The exercise is based upon “Perfect Competition” conditions, to ensure that all firms under the microscope were judged on as level a playing field as possible, namely the identical selling price per product, the same product per market, the same size of firm, and complete transparency of market information. Market push and resource pull strategies were assessed, as were “de novo” and “de alio” set-ups, in order to assess performance and survival rate per firm type in a hitherto unprecedented level of simulation detail.
Survival of the fittest… and the best-prepared
On a general scale, firms with a resource push strategy were seen to outperform their market pull counterparts who, on the other hand, lasted longer despite slower initial returns. Amongst those adopting a resource push strategy, newer start-ups displayed the performance benefits of having an overall less onerous structure whilst it was the “de alio” spin-off firms who applied a market pull approach with greater success, aided and abetted by their well-resourced parent firms.
From a practitioners’ perspective, the implications of the study are clear – market pull firm managers should seek more profitable markets whilst remaining sensitive to the time issue and target first-mover benefits. Resource push firm managers, on the other hand, should look to consolidate customer relations but not linger too long over their choice of market in order to avoid incurring the cost of unused resource maintenance. Luck ultimately plays its part in all scenarios. What the multi-echeloned study reveals above all else is the merits of constant testing and re-testing in order for firms to give themselves the best chance of entering the market as well prepared as possible. In these turbulent times, such prior market and resource knowledge is like gold-dust.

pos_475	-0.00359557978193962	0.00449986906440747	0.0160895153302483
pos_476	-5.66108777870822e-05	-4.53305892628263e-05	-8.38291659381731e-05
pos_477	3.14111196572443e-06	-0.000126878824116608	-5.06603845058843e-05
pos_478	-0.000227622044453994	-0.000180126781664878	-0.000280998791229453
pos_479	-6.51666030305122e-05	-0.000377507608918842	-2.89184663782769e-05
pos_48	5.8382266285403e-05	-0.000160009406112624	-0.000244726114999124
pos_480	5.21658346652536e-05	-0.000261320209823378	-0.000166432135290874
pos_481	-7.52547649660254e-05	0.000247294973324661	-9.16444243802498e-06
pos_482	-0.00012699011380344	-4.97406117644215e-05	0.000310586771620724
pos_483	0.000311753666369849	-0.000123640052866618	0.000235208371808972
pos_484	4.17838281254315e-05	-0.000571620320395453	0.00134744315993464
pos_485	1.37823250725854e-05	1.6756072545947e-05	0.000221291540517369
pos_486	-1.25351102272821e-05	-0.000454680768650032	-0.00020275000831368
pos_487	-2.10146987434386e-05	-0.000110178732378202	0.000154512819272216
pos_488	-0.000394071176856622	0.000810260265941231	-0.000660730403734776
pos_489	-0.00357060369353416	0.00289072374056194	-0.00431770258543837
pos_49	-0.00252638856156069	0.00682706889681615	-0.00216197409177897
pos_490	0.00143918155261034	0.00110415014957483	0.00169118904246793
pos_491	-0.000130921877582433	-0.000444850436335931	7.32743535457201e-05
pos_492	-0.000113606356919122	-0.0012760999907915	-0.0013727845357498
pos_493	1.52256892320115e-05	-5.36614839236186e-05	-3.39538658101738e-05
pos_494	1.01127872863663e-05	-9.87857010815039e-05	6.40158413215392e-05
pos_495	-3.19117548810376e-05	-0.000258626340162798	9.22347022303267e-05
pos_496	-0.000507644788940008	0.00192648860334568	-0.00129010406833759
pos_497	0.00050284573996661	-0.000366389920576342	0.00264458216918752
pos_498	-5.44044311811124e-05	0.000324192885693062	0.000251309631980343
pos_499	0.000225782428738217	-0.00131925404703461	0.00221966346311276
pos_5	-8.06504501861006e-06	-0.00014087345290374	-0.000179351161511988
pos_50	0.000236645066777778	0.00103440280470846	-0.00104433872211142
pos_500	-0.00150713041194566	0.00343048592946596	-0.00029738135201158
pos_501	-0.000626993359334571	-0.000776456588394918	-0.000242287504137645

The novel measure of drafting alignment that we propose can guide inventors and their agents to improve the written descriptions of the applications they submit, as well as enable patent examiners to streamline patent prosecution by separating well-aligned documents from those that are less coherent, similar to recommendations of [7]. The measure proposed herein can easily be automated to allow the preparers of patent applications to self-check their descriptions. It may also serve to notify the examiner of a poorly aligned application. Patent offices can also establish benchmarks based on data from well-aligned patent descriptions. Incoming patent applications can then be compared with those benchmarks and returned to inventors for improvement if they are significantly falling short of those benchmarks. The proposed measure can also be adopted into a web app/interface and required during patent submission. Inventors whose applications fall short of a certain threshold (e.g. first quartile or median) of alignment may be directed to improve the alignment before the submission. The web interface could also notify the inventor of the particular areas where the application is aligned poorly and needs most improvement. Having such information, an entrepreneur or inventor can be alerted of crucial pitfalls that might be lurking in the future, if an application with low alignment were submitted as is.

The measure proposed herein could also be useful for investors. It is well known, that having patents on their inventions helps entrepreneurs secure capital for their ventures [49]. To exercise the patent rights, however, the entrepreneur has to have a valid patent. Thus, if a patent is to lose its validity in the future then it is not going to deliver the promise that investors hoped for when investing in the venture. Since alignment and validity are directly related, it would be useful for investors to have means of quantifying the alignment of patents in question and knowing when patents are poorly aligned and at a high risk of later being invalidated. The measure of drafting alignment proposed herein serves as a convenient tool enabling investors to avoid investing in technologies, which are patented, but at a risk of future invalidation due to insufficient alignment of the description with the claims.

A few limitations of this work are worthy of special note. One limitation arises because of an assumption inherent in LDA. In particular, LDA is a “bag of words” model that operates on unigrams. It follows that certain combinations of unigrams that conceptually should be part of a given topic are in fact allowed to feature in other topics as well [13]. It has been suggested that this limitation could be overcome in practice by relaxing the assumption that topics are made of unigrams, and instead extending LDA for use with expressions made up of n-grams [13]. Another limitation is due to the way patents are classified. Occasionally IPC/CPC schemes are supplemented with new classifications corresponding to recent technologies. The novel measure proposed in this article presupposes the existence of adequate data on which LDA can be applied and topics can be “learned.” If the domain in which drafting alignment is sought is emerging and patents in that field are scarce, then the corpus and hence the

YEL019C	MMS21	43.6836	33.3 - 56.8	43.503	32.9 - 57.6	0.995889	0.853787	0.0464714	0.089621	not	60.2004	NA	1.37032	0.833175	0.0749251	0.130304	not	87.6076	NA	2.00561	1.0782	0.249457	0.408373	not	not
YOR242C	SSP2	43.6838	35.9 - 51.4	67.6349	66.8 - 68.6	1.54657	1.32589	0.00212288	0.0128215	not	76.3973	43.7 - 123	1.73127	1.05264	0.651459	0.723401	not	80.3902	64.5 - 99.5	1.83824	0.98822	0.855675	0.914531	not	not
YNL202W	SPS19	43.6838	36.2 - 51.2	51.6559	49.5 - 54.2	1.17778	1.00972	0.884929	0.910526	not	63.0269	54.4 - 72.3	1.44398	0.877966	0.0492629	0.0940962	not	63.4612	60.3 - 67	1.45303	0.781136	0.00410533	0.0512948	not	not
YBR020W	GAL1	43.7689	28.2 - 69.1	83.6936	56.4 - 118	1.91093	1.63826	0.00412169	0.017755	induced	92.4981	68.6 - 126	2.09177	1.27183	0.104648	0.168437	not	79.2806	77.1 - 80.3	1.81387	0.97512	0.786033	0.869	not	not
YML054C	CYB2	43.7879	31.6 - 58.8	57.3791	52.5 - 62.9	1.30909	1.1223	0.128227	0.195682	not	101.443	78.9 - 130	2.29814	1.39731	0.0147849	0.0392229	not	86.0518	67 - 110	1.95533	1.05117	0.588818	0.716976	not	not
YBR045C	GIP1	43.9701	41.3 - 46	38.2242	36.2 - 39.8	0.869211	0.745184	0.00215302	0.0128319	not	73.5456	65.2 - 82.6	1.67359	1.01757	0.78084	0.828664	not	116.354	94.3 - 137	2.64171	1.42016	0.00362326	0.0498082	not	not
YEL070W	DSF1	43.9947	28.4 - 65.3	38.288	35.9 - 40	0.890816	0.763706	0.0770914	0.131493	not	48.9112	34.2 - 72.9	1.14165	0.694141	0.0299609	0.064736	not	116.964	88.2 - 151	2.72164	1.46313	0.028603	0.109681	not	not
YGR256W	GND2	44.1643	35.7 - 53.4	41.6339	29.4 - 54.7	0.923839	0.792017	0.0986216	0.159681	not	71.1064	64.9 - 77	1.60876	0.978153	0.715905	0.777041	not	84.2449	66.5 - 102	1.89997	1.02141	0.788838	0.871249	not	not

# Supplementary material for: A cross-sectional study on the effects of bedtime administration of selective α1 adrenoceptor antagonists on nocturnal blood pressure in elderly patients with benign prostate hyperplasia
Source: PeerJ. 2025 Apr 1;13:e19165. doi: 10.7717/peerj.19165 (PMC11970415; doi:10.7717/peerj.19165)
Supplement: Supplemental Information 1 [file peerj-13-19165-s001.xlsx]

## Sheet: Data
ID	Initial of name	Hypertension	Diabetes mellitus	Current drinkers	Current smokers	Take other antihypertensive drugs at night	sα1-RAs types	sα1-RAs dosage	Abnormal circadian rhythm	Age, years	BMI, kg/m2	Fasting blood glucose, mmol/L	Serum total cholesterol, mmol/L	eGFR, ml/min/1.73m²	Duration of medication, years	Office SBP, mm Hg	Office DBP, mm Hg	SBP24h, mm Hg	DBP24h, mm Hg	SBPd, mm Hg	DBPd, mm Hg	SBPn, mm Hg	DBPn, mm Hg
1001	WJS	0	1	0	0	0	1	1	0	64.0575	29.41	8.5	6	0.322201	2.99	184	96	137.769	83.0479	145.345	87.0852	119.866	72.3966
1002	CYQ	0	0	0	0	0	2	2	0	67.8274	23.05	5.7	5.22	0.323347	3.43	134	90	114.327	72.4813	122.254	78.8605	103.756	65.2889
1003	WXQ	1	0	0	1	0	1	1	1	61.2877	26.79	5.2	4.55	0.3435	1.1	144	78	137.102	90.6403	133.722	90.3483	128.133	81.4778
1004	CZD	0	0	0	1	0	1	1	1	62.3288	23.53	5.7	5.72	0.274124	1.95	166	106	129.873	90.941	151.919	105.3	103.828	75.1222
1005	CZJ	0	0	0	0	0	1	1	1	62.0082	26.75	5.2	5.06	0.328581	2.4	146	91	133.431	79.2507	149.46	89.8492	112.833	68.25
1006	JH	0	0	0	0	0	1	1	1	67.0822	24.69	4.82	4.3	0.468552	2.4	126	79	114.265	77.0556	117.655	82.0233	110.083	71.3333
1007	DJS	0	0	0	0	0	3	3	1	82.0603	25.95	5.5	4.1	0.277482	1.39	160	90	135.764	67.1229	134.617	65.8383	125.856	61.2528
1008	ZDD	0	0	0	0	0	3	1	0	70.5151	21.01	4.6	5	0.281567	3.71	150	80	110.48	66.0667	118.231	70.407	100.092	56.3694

This article was inspired by the paper The effect of market-pull vs. resource-push orientation on performance when entering new markets, written by Jean-Philippe Timsit, Annick Castiaux, Yann Truong, Gerard Athaide, and Richard Klink and published in The Journal of Business Research 68 (2015).
Jean-Philippe Timsit is an Assistant Professor of Strategy and Innovation at Rennes School of Business.
Yann Truong is a Professor in marketing and strategy at “lÉcole supérieure de commerce de Dijon”. His research interests include Aspirational Marketing, New Media Advertising, and Innovations Marketing.
Annick Castiaux is a member of the Business Administration Department at University of Namur, Belgium Her research interest is in the field of innovation management, with a focus on ICT and sustainable (eco-friendly) technologies
Gerard Athaide is Professor of Marketing at The Sellinger School of Business, Loyola University Maryland, Baltimore, USA
Richard Klink is Professor of Marketing at The Sellinger School of Business, Loyola University Maryland, Baltimore